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Amazing ancient gardens don’t mean lost gardens.  If you’re impressed by hanging gardens, wait until you hear about floating gardens.  My buddy Matt from Nooks and Crannies podcast is here to tell you more.

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Back to the march of time down the garden path.  In medieval times the monasteries were the main repositories of gardening knowledge and the important herbal lore. Though little is certainly known about the design and content of the monastic garden, it probably consisted of a walled courtyard built around a well or an arbour, with colour provided by flowers (some of which, including roses and lilies, served as ecclesiastical symbols), all of which maintained the ancient idea of the garden as a place of contemplation.

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The earliest account of gardening in English, The Feate of Gardening, dating from about 1400, mentions the use of more than 100 plants, complete with instructions planting herbs and grafting trees.  There were lots of names you’d recognise: parsley, sage, fennel, thyme, turnip, spinach, leek, lettuce, and garlic.

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Early gardening was largely practical, but the Renaissance, with its increased prosperity, brought an upsurge of curiosity about the natural world and, incidentally, stirred interest in composing harmonious forms in the garden.  The French, especially, were all about that carry-on.  The great gardens of Europe derived from the influence of the French designer André Le Nôtre, creator of the gardens at Versailles.  The French style represented extreme formality, clean lines, intricate designs, and a layout that would frame the house.  The widespread adoption of this style among the European nobility and gentry reflected the potency of French cultural influence at the time. The garden of the palace of Versaille, that the English were emulating, are a precise, prisinte, torturously manicured affair that took 40 years to complete and covered 800 acres, twice the size of the principality of Monaco.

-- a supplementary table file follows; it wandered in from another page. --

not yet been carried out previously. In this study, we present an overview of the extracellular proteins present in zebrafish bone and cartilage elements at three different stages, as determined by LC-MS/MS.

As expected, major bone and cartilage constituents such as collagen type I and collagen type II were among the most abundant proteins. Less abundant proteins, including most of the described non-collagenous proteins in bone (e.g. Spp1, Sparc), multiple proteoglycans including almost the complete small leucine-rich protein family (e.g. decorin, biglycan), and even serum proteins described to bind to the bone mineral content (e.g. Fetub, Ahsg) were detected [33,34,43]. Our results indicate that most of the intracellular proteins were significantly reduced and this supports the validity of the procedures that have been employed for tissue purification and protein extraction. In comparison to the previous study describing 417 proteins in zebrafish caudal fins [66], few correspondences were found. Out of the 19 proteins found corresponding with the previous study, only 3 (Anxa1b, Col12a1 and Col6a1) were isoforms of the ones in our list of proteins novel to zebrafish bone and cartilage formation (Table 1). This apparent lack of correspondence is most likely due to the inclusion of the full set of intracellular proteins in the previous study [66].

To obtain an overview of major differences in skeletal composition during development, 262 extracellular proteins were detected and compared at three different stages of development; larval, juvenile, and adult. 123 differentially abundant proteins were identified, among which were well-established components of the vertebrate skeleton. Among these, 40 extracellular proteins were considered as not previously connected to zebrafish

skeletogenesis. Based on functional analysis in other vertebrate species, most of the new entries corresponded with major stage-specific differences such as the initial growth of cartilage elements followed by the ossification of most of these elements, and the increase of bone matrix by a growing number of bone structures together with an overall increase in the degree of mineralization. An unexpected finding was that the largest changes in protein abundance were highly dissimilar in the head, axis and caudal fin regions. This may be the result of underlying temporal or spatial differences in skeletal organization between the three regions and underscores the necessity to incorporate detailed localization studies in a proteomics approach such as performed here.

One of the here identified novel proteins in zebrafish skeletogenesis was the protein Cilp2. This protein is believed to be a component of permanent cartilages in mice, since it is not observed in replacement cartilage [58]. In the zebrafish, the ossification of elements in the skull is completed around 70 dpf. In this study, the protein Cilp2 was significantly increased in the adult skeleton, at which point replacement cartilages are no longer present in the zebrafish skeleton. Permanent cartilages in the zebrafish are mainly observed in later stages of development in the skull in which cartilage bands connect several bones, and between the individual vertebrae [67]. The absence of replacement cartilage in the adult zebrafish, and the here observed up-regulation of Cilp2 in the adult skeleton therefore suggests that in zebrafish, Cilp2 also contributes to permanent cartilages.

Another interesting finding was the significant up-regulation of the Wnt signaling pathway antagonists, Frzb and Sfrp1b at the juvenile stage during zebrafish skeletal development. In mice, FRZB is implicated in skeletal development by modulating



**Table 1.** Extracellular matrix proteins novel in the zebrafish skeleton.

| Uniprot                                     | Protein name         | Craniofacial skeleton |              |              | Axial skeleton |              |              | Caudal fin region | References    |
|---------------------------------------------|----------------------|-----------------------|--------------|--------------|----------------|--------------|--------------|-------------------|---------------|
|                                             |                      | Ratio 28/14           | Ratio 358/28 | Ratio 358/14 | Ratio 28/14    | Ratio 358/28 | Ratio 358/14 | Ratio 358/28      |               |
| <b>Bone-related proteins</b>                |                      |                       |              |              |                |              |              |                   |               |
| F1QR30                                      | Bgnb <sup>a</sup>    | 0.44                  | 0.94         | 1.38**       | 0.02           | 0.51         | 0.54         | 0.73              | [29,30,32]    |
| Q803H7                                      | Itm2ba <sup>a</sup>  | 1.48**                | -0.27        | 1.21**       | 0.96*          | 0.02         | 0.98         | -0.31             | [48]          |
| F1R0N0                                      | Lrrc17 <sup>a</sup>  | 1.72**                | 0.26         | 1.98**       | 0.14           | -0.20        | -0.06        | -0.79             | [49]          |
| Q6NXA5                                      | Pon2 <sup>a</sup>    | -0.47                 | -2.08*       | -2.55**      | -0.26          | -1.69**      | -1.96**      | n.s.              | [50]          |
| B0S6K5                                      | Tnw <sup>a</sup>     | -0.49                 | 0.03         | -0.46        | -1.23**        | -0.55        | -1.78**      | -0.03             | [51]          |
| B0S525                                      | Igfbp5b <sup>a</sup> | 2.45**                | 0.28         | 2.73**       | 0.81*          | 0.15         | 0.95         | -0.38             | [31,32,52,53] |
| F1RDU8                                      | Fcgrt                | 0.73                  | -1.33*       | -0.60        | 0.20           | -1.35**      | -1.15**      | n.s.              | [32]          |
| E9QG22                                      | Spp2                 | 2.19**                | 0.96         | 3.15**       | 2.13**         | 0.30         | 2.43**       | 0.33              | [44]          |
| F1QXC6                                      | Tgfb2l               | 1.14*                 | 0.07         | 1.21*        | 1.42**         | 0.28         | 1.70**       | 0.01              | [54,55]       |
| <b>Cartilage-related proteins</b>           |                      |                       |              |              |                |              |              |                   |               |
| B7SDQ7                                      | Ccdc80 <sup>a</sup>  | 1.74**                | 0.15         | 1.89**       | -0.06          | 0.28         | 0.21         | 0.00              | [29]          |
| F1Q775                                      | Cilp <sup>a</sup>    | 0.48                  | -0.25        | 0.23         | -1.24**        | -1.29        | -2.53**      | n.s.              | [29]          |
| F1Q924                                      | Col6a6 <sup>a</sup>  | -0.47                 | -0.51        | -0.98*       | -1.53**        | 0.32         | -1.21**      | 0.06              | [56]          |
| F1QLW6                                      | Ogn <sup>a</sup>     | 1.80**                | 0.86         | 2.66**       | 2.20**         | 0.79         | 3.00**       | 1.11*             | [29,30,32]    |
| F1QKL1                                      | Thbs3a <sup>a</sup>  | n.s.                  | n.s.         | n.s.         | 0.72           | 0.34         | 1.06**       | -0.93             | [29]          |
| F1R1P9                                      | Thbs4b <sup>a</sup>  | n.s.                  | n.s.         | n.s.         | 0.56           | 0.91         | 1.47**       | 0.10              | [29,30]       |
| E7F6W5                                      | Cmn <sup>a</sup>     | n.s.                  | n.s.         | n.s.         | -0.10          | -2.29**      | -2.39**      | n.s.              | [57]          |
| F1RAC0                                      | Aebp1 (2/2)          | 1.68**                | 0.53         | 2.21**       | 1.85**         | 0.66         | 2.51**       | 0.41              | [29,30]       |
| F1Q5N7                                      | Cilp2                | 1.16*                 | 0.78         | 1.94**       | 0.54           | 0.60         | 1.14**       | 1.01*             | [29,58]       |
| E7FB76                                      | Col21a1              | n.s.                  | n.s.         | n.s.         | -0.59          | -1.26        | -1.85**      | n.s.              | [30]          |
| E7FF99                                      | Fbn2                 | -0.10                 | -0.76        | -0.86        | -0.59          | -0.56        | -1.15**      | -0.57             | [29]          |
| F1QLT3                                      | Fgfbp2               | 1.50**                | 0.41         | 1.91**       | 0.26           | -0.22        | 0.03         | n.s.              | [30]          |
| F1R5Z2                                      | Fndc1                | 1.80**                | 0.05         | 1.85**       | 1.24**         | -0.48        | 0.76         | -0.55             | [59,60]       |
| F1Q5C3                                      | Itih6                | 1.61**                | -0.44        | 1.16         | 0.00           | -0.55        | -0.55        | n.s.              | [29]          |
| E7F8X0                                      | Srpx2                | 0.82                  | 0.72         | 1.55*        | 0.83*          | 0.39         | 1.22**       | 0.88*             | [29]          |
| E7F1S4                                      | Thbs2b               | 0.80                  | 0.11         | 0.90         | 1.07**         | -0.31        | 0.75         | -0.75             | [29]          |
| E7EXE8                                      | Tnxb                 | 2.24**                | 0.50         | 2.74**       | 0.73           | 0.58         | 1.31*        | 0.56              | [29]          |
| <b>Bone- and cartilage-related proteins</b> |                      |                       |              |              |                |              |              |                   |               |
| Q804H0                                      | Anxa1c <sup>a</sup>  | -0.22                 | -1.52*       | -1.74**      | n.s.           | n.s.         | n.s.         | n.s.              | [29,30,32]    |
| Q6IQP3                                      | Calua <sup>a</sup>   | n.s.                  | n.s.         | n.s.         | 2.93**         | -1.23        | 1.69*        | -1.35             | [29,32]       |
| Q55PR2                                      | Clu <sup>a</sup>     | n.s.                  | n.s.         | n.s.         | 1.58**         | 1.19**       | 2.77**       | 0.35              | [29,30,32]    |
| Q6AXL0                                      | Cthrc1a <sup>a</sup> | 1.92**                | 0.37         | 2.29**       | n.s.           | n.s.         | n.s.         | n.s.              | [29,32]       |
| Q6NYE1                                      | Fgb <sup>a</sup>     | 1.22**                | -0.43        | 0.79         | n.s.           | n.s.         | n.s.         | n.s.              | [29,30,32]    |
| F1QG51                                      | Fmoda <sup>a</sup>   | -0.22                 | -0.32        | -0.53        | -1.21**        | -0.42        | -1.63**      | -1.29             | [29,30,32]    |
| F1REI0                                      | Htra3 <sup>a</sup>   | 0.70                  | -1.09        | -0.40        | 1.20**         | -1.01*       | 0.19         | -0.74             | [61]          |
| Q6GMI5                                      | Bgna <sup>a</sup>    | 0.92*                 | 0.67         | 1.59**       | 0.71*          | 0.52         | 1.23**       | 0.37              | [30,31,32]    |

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The industrial revolution changed the world in many ways, the least of them bringing more than half of the world’s population into cities where they couldn’t grow their own food.  Large cities like London, Paris, and New York, and later the major cities of India and China, were dirty and polluted because of industry, inadequate housing, and the lack of healthy open spaces.  Gardening as an institution got smaller, so farming, aided by new machines and technology, got bigger.  

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At the turn of the 1900’s, food production was at a low in both the United States and Europe. Food prices in America soared.  People were encouraged to go meatless and wheatless to ameliorate the shortages.  A few weeks before the US entered WWI, the National War Garden Commission was formed to encourage people to grow their own food, so the crops of large farms could go to soldiers.  Enter the Victory Garden.

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Propaganda posters encouraged civilians to “Sow the seeds of victory” by planting their own vegetables, and local organizations like women’s clubs and chambers of commerce help spread the word.  Newly-minted gardeners were provided with instruction pamphlets on what to plant in their area, when and how.  People latched right on to the idea.  Knowing people would have food they’d need to preserve, the government began distributing booklets on canning and drying food.  Even children were encouraged to garden; the federal Bureau of Education initiated a U.S. School Garden Army (USSGA) to mobilize children to enlist as “soldiers of the soil.”   In 1917 alone, more than 3 million new gardens were planted, rising to more than 5.2 million in 1918, which generated an estimated 1.45 million quarts of canned fruits and vegetables.  And that’s just the US.  Over in Britain they had allotments, land assigned to citizens to garden on, many of which families maintain a century.  You can hear more in episode 104, Making Do. 

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Victory gardens became important a generation later when we, as a species, had a war after the war to end all wars.  Eleanor Roosevelt even planted a victory garden on the White House lawn.  This time, rationing became a major part of people’s dinner tables, but if you grew it yourself, you could eat as much as you want.  Throughout both world wars, the Victory Garden campaign served as a successful means of expressing patriotism, safeguarding against food shortages on the home front, and easing the burden on the commercial farmers working arduously to feed troops and civilians overseas.  It was also a boost of morale and camaraderie.  We were all in it together.  I think that feeling is part of why so many people are gardening right now.  If you’ve got a garden going, even if it’s a window box in your apartment, post a picture and tag the show.